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Mike Lloyd

Mike Lloyd


Mike first developed an interest in patent data when working as a research scientist, and deepened this interest when working as an IP manager which led to his role at Griffith Hack. Mike has published in the areas of chemical engineering, patent management, the value of patents and the use of patent data in in a wide range of publications and forums, including the international journals Les Nouvelles, and Managing Intellectual Property.

Here at Ambercite, when using Cluster Searching, we like to talk about two calculated metrics:

  • "Similarity"
  • "AmberScore"

And sometimes "Licensing Potential".

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So what is Americas' most litigated patent? Is it something to do with smartphones, maybe the famous 364 page Steve Jobs patent, being asserted against big smartphone companies around the world? Or maybe something to do with Viagra, being asserted against big pharma?

Or is it a predictor of the arrival time of buses or parcels, being asserted against public transport authorities and small companies across America?

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Imagine being asked to search for prior art for patent US9,000,000, the patent featured in our last blog which compared Cluster Searching to Semantic searching. What search strategies could you use?

Firstly, lets think about how you might search for prior art in a conventional word based prior art search system. You might develop a series of queries. Maybe something like:

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Summary

How does Cluster Searching compare to semantic patent searching? In this blog we run a simple comparison based on the round number patent of US9,000,000 - by choosing this particular patent we have tried to avoid cherry picking a patent that is particularly suited to Cluster Searching.

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How long does a patent invalidation search take?

If you were to use a traditional approach, it could be quite a while. You need to work out the keywords for the search, and make sure that you don't miss any relevant keywords. You might also look up and apply a class code filter to the results, an additional step which could take additional time. 

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Many patent owners, whether universities, SMEs, research organisations or even big corporations, end up having a large patent portfolio that can cost them a significant sum to maintain over time. For example, to renew a US patent at the 11.5 year mark can cost up to US$7400, while Chinese and many European patents need to be renewed every year, with a total cost exceeding US$1000 per year  (including service charges) in some cases.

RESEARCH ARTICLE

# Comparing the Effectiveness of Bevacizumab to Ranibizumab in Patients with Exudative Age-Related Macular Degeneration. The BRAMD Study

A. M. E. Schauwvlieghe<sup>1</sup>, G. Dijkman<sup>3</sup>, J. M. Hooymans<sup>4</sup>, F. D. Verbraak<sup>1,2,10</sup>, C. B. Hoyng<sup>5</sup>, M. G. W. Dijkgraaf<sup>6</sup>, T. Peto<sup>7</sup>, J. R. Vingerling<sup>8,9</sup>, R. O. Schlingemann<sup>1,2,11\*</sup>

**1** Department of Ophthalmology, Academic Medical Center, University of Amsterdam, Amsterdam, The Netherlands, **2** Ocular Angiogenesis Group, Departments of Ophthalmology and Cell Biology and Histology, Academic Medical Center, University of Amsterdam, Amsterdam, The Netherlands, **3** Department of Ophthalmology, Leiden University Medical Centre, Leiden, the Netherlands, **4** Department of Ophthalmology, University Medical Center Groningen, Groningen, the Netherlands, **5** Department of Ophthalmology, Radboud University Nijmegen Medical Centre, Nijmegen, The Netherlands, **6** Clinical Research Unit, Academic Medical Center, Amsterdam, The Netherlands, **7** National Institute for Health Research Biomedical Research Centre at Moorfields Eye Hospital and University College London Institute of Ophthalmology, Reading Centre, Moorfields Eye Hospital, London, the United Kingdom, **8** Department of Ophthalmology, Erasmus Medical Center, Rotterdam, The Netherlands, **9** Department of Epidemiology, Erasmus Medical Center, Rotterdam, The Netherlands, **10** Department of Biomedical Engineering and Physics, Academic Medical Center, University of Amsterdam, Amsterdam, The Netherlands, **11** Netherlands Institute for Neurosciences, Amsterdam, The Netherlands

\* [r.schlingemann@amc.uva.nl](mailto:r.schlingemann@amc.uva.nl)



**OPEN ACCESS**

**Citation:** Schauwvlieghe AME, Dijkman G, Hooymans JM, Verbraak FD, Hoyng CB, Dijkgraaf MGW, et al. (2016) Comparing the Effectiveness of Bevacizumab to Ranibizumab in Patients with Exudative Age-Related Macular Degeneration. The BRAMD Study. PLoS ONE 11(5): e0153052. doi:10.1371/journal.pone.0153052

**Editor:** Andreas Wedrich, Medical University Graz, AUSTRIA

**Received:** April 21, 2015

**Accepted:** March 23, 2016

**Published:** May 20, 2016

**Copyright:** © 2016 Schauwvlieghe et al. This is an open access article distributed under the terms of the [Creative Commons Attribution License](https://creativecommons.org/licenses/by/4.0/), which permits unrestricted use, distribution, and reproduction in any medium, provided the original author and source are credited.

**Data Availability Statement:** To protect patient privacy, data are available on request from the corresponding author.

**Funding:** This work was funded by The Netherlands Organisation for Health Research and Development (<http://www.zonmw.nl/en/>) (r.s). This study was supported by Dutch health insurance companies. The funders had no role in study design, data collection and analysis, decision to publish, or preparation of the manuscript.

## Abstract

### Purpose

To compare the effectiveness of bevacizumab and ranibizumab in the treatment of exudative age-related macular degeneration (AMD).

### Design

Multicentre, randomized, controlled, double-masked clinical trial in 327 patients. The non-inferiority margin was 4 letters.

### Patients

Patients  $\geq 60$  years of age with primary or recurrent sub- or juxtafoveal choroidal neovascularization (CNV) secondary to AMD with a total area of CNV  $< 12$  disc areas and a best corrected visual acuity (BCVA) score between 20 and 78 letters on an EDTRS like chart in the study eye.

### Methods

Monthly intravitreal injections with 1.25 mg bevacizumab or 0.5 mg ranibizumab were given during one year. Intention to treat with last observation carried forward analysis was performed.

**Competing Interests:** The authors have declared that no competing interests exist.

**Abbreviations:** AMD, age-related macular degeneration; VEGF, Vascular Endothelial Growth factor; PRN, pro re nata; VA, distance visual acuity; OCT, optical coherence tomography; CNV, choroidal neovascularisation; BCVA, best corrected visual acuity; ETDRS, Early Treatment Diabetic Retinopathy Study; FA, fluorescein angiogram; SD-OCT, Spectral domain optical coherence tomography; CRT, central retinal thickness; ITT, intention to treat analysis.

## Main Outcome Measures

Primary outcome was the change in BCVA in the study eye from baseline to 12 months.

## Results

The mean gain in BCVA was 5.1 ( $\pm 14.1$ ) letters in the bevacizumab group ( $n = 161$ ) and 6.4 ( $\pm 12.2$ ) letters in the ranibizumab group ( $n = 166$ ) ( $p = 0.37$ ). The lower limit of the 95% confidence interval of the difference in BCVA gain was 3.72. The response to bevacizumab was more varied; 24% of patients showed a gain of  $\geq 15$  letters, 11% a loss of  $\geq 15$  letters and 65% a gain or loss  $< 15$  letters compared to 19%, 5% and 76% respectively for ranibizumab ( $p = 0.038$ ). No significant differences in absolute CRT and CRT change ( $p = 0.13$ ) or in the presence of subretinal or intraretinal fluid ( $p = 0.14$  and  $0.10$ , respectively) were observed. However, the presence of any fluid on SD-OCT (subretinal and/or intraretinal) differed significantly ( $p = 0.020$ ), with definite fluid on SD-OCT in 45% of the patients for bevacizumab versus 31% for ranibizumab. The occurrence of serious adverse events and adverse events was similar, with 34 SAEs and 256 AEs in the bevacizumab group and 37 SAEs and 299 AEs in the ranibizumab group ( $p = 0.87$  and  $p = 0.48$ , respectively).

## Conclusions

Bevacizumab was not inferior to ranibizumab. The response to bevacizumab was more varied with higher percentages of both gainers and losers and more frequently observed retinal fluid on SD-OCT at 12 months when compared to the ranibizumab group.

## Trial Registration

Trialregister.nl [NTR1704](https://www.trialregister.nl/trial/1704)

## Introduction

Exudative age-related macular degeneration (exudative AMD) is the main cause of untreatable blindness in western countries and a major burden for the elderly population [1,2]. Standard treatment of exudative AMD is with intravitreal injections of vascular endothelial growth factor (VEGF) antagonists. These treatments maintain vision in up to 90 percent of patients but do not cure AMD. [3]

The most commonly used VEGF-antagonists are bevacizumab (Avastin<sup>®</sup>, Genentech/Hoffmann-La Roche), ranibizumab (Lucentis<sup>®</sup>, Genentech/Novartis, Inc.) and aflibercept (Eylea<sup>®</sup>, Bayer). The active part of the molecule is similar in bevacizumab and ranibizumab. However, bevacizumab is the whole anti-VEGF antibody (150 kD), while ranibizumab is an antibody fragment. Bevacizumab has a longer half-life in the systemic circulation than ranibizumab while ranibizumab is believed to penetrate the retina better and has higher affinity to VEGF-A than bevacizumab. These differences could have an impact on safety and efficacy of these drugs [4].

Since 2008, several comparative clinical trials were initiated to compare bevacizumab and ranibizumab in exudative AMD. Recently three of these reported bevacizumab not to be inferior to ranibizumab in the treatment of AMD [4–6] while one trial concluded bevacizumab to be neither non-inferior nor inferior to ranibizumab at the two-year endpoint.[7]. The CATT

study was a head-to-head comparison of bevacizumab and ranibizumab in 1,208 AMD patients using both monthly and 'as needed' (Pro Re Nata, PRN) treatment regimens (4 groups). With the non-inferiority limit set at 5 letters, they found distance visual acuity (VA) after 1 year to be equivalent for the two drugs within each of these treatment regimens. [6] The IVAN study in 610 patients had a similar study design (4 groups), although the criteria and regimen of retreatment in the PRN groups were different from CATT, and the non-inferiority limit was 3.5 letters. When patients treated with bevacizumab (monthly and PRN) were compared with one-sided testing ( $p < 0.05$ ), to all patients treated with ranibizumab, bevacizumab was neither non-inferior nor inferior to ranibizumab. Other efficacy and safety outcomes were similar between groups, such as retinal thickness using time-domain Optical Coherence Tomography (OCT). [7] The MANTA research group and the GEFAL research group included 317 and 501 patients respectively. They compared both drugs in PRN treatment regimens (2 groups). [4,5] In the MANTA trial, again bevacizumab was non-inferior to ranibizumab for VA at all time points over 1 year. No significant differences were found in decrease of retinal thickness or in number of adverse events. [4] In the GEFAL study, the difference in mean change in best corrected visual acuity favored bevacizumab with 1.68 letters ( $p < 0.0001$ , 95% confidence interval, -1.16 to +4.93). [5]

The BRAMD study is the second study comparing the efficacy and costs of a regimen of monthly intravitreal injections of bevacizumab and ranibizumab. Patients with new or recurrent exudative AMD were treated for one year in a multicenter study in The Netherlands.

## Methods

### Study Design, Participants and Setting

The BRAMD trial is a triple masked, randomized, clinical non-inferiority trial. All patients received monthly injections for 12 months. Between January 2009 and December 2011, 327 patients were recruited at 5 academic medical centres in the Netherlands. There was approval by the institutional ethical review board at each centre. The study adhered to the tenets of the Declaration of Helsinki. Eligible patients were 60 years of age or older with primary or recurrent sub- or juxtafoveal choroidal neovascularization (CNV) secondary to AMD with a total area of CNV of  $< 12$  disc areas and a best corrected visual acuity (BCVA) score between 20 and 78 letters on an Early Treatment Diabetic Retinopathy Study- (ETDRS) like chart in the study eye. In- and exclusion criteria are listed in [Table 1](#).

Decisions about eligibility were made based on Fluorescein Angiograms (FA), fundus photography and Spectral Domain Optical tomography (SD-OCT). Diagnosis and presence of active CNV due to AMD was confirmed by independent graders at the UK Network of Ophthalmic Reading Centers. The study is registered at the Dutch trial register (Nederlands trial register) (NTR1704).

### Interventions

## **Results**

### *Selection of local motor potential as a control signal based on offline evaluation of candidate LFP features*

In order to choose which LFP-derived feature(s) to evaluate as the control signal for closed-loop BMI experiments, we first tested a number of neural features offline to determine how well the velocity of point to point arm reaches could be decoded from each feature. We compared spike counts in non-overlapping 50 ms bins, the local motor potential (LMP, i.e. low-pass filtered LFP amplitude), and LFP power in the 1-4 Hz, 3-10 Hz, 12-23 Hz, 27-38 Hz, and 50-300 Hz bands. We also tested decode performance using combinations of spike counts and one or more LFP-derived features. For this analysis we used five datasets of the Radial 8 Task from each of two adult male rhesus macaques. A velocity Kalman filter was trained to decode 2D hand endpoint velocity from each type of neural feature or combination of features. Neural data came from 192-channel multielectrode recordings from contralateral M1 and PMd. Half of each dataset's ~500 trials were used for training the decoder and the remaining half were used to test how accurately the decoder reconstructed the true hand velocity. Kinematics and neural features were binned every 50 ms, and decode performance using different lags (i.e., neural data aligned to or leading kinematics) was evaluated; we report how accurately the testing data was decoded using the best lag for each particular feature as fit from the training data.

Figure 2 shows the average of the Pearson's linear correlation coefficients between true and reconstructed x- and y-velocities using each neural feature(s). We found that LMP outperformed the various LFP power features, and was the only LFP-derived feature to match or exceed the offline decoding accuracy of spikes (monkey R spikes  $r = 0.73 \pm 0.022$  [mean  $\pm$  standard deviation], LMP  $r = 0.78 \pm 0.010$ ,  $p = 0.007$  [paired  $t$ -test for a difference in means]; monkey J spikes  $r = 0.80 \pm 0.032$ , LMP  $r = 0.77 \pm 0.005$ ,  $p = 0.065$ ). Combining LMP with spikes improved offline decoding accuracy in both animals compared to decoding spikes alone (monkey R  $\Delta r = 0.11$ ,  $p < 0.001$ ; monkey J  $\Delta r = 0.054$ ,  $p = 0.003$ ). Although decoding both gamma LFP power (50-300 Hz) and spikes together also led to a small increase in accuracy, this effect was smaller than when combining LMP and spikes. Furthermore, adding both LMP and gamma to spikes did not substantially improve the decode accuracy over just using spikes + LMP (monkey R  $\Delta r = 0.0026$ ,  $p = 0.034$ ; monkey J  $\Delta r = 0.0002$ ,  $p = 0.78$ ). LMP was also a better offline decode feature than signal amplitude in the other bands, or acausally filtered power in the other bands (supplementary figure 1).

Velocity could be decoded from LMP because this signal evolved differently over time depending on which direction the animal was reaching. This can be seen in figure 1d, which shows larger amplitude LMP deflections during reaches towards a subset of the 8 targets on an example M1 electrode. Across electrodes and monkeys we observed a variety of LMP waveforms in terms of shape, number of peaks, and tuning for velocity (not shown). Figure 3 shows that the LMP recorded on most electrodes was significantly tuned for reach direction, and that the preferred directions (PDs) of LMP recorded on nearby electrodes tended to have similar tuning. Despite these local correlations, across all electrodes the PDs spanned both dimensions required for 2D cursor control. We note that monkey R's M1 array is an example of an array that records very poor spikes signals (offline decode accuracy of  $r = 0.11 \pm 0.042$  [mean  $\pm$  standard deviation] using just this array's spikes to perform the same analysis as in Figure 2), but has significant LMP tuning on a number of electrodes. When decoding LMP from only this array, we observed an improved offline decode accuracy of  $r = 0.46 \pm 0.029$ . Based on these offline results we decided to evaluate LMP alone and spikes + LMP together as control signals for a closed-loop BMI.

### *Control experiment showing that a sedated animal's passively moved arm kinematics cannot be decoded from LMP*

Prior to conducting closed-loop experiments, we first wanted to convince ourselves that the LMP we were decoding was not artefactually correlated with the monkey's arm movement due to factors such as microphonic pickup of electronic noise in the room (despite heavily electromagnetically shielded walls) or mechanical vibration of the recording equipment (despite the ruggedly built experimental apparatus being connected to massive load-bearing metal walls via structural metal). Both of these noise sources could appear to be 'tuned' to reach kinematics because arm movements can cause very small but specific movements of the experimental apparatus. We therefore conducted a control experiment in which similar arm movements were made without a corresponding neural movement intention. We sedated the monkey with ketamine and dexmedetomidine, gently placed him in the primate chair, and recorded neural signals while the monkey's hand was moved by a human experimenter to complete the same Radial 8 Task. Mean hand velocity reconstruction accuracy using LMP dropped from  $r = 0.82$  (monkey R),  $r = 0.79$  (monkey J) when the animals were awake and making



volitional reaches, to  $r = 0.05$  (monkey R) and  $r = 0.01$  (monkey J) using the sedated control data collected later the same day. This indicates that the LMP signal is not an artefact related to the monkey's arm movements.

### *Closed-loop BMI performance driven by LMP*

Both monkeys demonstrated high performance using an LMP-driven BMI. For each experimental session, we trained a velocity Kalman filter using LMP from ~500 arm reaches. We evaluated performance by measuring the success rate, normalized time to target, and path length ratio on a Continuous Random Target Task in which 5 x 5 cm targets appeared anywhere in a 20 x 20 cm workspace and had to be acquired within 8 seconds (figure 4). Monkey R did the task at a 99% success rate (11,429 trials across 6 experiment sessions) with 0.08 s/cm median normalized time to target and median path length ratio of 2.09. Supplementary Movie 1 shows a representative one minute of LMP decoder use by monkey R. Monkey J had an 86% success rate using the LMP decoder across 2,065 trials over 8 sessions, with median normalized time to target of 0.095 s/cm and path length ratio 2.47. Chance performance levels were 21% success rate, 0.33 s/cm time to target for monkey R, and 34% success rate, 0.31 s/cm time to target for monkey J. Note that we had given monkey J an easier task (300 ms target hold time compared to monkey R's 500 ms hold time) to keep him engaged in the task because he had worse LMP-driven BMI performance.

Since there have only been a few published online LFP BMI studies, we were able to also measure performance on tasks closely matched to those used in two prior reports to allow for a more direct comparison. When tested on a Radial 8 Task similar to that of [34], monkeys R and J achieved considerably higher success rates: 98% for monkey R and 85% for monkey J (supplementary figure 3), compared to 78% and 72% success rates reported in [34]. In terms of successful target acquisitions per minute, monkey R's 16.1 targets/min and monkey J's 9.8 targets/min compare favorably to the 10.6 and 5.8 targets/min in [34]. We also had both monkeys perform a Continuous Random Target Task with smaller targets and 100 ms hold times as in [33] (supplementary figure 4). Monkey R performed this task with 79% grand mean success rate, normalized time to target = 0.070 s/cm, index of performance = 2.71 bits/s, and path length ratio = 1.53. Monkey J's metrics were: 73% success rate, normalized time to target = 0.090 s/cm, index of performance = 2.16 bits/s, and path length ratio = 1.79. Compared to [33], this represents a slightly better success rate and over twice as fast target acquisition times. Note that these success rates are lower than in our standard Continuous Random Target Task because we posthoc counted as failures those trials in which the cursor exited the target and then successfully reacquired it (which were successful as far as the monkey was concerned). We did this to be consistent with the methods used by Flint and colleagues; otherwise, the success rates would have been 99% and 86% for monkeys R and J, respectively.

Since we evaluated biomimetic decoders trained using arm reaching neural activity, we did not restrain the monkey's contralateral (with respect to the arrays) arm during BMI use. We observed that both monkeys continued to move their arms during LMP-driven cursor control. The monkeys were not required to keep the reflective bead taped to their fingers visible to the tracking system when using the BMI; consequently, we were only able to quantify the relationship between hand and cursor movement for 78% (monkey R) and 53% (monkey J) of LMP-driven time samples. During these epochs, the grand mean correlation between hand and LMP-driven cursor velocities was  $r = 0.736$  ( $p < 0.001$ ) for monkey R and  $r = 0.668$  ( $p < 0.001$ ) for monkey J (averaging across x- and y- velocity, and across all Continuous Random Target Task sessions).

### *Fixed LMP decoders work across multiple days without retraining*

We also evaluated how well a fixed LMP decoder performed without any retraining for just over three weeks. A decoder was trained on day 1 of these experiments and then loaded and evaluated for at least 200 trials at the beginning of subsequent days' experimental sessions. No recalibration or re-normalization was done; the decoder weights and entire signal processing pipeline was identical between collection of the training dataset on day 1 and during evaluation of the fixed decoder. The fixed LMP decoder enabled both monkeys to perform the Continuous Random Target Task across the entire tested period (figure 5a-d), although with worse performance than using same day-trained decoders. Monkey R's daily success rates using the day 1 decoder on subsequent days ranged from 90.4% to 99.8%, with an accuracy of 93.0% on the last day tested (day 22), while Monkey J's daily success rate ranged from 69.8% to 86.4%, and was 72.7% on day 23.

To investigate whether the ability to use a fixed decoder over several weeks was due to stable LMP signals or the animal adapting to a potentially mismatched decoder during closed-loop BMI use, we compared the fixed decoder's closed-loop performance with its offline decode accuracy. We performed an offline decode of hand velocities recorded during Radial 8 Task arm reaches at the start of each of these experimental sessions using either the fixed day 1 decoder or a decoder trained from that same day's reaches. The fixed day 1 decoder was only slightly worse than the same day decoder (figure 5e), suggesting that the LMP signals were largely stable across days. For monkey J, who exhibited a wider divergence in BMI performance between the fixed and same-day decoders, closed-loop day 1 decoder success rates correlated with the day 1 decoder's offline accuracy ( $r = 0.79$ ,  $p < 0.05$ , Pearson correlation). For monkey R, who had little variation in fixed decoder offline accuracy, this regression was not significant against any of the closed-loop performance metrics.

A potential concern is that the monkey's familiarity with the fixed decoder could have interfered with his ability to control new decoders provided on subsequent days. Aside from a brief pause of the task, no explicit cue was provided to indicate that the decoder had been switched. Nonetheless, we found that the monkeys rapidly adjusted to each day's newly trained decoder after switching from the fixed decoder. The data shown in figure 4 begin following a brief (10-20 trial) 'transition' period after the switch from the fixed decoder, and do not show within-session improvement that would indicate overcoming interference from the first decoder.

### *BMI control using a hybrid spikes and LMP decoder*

In an ideal world the owners would value each patent before renewing them, which could provide them with the confidence to save money by abandoning low value patents.

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How much is a patent worth?

Some say that most patents are worthless, but conversely some patents are very valuable, and hard-nosed companies still invest heavily in new patents

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Most people when starting a patent search start by looking for patents with similar keywords, in either one of the free patent search engines (Google Patent, Espacenet, The Lens or others) or one of the subscription engines out there. And indeed this is a good approach and one that many users of Cluster Searching also use. 

Similarly, a lot of people combine this with class code searching. Class (or classification) codes can be useful means of conducting a preliminary filtering, or even a search in some cases.

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Yahoo is putting up a portfolio of 2659 of its patents up for sale, and is accepting bids at the moment. Price expectations have ranged up to five billion dollars.

2659 is a lot of patents by any measure, and this would ordinarily stretch the resources of any patent analyst. However here at Ambercite, we have developed some powerful tools such as Cluster Searching to help these analysts, and so we were curious to explore this portfolio ourselves. In particular, we were wondering: 

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Besides working with Ambercite, I do some IP management work with clients from time to time. As part of this, we were working with a client a couple of weeks ago who was worried about an Australian patent. This patent had been granted in Australia, and a very similar family member had been granted in the US - with the granted US patent having 30 prior art patent citations, and some non-patent literature. 

In Australia it can be very difficult to invalidate a patent for anything other than lack of novelty. So we needed a single document that disclosed all of the key features of the granted patent.

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